I am not a political scientist. While more research would be needed in the area before a definitive statement could be made, I will say that working class is not a dirty term. The working class have marketable skills; they build your houses, they fix your car, and they replace that o-ring in the tap in your kitchen sink which you really should have done yourself.

They rent a room and not a house because it means more money to buy that gearbox they wanted. They lack tertiary qualifications not because of a lack of intelligence, but because you don’t need a doctorate to get a job as a mechanic when a certificate will do – a job that they enjoy and gives access to a decent work space.

The problem with the Birmingham tradition was that it portrayed subcultural groups as unwitting dupes or victims who banded together due to a lack of voice. While the Birmingham tradition provides a useful base for research into such groups, to apply such thinking to more modern communities silences those the research purports to give voice to. The Bogan, and by extension the working class, are not victims in a modern sense.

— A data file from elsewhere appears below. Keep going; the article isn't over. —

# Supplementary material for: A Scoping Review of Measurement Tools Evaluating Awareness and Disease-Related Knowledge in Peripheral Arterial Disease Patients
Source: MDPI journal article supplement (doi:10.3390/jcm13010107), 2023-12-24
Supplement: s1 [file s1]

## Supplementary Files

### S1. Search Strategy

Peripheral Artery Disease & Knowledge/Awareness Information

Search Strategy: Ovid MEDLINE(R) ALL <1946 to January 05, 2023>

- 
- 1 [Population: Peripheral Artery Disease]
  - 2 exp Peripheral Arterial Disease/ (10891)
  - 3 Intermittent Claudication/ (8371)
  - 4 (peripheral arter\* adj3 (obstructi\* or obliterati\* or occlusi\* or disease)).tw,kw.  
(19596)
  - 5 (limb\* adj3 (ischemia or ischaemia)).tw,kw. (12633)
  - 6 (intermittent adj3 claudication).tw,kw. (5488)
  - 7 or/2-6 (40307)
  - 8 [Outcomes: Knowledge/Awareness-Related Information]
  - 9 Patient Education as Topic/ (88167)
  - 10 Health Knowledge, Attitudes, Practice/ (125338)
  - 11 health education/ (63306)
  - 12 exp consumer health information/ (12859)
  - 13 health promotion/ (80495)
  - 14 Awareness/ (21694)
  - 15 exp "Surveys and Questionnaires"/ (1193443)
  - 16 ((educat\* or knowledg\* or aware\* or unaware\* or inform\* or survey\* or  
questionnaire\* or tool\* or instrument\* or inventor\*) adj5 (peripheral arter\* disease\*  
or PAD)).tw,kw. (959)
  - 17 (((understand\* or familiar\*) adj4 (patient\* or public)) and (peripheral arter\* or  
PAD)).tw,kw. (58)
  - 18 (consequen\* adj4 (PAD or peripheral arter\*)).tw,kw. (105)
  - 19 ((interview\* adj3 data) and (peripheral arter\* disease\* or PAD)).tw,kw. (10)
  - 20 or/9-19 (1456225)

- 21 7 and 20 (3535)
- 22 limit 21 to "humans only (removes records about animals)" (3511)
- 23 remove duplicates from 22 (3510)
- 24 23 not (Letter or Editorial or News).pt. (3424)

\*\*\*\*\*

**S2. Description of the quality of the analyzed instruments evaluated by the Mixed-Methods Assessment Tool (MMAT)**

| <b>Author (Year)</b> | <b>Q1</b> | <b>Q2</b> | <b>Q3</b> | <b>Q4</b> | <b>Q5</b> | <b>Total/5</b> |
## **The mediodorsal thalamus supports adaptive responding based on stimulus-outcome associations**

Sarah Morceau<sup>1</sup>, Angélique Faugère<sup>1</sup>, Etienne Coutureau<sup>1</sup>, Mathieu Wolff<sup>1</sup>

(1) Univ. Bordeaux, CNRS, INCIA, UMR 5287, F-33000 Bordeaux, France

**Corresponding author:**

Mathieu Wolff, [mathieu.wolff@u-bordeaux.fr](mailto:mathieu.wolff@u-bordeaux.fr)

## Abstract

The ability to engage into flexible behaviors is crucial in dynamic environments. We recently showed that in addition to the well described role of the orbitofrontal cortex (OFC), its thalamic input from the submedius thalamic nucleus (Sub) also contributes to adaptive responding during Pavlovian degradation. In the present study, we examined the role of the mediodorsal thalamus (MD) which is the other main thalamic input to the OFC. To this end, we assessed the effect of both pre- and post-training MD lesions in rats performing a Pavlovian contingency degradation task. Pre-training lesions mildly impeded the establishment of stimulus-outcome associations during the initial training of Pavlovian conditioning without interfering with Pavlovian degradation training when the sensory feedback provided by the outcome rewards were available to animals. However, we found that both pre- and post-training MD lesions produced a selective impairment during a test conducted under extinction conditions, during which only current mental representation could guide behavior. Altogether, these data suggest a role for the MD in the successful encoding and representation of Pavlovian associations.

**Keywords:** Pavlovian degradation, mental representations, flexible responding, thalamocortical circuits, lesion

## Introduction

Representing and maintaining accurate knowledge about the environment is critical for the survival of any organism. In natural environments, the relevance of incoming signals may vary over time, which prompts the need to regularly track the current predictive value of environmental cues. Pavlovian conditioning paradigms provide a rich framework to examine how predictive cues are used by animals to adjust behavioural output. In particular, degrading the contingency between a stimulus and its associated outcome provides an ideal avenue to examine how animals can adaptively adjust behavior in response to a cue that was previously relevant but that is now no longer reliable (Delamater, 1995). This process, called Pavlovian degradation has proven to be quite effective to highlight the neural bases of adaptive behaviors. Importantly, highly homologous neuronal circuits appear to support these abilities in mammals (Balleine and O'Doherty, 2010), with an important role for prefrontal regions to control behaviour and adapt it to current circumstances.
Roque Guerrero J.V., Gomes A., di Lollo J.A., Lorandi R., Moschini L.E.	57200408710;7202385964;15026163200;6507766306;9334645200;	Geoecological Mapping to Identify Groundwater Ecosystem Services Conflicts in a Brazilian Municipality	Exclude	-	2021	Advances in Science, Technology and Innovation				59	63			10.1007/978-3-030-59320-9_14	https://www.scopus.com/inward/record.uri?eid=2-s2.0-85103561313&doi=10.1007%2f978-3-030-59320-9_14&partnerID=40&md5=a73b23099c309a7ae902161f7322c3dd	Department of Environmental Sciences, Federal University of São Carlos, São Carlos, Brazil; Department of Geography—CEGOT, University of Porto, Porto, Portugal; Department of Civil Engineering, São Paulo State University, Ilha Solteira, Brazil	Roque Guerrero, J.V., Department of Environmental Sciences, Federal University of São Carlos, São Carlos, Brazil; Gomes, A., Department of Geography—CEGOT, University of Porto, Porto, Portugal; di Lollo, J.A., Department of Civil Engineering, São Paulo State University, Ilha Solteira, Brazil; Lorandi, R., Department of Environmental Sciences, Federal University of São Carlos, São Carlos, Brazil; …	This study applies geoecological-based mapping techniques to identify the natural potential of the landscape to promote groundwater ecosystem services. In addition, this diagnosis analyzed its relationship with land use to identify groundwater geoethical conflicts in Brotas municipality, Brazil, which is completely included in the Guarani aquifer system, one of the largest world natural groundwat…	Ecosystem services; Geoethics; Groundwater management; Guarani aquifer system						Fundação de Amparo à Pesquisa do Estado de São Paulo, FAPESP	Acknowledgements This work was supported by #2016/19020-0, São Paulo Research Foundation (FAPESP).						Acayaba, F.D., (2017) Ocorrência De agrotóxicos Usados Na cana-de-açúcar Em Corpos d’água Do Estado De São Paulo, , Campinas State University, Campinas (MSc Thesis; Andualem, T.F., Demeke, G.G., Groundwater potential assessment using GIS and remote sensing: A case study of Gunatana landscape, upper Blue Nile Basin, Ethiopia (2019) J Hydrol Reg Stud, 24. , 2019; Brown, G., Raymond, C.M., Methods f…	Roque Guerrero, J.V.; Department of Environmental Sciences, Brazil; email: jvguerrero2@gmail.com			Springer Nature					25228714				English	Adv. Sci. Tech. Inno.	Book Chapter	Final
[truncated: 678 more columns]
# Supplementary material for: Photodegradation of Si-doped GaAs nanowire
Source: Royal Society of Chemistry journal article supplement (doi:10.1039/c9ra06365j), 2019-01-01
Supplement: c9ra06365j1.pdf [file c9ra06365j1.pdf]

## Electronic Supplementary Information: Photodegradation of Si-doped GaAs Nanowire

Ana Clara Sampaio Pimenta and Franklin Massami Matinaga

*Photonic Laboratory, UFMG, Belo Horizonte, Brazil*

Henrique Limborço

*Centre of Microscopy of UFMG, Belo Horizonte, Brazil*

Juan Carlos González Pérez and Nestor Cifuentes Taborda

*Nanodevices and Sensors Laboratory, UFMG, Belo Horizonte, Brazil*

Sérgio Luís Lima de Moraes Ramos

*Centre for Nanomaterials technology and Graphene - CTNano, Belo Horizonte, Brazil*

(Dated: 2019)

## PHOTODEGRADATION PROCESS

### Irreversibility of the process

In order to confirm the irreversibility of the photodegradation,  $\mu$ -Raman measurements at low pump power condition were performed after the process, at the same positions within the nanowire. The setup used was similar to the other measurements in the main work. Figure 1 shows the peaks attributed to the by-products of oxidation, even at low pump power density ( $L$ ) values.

Instead Bogans choose this identity. Mateship is not due to a lack of social connections elsewhere. Social connections are due to their sharing a way of being and associated interests with others. Breaking from the Birmingham mould, they aren’t formed out of a lack of, or as a replacement of something, but as a social process that other groups share.

Bogans value friendships because they are a way of sharing their interest with others. Be that Heavy Metal music, cars, drinking, violent action movies or other working class pursuits that are typically frowned upon by a significant proportion of traditional psychologists. Loyalty is important to a Bogan because those social connections are a strong, positive force in themselves. They are not a replacement that brings us up to functional standards but are instead an addition.